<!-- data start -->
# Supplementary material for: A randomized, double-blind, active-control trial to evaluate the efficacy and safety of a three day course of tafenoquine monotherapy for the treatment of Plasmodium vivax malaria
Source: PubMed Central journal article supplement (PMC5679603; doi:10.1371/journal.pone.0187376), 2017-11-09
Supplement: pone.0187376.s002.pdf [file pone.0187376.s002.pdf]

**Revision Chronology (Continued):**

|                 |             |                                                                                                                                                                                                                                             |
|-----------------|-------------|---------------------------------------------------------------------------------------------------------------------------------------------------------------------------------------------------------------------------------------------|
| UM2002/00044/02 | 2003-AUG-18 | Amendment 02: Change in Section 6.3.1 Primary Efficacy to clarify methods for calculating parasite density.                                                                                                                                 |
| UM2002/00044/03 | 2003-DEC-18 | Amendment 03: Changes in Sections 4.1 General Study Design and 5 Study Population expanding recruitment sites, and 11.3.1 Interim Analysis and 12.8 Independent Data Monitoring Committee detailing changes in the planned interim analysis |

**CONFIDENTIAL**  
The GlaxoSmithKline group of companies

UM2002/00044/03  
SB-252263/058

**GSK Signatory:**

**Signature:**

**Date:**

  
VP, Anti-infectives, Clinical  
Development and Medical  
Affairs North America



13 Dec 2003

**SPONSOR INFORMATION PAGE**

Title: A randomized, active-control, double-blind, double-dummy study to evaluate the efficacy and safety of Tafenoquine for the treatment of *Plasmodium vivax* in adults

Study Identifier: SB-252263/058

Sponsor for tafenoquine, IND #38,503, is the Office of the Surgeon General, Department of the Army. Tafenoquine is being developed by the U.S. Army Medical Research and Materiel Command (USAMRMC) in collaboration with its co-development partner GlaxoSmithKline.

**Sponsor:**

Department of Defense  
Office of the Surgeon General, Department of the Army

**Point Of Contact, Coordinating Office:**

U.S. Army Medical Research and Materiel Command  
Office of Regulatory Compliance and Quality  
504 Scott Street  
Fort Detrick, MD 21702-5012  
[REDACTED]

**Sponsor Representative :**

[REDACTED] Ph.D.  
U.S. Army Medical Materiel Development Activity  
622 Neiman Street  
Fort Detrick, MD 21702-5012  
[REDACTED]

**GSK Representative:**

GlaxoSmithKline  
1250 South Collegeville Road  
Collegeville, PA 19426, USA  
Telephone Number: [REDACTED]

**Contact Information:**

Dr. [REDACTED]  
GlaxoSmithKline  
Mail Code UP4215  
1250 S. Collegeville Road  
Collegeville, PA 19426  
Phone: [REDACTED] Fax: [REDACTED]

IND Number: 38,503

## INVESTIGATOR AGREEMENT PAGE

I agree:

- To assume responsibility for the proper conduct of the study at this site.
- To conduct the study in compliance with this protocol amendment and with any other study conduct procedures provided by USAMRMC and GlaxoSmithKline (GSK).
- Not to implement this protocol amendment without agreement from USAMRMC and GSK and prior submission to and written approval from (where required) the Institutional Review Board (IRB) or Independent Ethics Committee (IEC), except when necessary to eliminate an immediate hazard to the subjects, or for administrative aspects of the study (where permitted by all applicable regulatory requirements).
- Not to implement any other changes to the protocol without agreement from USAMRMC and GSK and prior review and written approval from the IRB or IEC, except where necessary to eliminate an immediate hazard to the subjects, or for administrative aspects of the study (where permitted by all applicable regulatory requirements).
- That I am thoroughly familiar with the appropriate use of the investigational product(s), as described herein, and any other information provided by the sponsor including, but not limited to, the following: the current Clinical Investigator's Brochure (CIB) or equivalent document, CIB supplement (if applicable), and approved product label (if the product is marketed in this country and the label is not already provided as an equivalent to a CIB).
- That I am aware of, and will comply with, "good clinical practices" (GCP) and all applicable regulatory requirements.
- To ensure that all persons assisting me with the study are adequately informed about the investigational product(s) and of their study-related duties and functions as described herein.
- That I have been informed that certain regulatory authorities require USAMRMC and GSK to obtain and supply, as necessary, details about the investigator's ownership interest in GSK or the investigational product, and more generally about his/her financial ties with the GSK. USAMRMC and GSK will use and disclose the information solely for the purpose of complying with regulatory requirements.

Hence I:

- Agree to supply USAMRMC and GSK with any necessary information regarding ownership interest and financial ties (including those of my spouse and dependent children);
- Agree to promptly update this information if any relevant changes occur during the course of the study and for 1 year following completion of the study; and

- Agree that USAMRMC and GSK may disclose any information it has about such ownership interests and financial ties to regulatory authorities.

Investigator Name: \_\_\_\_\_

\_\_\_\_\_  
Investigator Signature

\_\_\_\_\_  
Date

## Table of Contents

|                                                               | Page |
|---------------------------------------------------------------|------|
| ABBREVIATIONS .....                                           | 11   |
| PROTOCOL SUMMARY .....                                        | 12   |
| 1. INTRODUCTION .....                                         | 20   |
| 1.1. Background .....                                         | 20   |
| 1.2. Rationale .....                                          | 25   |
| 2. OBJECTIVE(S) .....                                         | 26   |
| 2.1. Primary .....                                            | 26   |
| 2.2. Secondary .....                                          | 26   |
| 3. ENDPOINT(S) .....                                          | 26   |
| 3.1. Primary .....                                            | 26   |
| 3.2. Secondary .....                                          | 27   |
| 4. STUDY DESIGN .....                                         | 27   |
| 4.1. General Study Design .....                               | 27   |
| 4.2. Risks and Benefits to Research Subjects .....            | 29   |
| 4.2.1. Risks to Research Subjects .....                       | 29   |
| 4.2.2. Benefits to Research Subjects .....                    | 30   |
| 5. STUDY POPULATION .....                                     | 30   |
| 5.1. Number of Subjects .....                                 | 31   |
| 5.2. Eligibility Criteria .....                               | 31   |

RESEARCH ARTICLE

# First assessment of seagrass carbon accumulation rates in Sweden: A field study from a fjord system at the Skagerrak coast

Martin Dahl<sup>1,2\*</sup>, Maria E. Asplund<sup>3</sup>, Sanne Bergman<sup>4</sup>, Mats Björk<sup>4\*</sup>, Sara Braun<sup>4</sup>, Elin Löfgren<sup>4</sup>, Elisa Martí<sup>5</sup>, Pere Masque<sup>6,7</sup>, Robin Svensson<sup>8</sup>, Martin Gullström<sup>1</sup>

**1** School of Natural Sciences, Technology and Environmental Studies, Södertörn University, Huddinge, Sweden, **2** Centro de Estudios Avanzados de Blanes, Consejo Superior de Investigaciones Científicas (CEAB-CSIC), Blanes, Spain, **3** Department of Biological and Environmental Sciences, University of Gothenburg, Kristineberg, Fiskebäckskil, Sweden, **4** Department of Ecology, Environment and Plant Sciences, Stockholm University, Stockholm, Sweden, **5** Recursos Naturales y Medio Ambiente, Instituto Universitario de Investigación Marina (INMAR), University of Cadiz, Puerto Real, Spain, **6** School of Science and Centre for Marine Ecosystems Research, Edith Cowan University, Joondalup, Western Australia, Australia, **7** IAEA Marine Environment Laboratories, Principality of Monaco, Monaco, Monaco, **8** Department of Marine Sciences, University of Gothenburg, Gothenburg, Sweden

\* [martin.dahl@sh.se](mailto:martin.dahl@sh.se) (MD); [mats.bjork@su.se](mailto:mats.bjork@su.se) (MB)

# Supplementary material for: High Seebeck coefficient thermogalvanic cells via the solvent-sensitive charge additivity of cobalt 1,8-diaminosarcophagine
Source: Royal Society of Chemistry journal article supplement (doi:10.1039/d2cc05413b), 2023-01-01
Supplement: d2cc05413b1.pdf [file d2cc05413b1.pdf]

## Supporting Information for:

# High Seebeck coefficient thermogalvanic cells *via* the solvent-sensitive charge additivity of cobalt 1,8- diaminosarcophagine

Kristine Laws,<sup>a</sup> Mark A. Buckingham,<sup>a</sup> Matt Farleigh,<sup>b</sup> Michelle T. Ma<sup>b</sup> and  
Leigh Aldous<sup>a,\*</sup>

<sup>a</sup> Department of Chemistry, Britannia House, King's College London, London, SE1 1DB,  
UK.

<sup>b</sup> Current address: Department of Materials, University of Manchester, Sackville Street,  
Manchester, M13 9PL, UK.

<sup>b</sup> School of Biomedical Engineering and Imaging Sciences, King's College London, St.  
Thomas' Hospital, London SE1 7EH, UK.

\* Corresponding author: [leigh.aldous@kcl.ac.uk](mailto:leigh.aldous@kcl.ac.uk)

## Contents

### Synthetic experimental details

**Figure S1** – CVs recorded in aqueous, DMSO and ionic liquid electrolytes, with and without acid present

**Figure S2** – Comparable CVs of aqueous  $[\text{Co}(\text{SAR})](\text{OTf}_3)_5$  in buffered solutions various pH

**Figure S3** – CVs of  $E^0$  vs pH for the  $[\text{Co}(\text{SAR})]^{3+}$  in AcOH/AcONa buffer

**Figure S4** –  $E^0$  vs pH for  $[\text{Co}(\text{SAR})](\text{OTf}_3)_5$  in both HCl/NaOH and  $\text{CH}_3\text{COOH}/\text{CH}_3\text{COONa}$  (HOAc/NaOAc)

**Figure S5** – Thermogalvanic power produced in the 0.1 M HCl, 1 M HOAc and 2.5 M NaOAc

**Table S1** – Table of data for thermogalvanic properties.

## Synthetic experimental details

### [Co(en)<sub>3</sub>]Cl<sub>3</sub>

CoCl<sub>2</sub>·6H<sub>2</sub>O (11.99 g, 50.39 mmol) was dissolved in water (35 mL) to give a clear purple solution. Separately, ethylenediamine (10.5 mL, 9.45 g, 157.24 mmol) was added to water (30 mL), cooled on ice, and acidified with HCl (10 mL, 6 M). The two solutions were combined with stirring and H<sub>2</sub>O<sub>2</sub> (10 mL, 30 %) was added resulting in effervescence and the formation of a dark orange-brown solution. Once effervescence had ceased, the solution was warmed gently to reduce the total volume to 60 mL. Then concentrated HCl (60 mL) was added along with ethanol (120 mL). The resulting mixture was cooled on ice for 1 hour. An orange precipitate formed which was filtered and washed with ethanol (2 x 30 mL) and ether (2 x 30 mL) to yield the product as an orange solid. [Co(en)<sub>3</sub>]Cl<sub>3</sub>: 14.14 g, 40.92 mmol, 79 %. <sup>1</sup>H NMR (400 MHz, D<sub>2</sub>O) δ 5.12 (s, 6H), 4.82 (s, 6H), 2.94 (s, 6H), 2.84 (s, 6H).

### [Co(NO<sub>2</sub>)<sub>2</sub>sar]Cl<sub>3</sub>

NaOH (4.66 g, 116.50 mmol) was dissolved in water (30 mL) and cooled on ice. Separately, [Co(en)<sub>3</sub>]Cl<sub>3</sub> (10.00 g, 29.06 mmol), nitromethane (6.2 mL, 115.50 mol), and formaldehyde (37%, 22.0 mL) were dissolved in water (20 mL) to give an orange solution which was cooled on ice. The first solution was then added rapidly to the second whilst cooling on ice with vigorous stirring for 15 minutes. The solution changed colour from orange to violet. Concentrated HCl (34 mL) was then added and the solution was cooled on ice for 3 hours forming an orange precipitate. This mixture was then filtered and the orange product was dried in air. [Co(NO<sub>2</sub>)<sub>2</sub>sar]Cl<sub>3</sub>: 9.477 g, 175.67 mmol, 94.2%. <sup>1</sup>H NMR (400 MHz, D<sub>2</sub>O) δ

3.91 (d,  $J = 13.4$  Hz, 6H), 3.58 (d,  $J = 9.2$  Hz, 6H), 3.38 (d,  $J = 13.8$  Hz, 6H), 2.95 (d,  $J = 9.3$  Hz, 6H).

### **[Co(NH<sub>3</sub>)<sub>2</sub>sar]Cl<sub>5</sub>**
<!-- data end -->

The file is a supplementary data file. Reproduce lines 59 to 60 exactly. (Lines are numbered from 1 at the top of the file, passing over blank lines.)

- That I am aware of, and will comply with, "good clinical practices" (GCP) and all applicable regulatory requirements.
- To ensure that all persons assisting me with the study are adequately informed about the investigational product(s) and of their study-related duties and functions as described herein.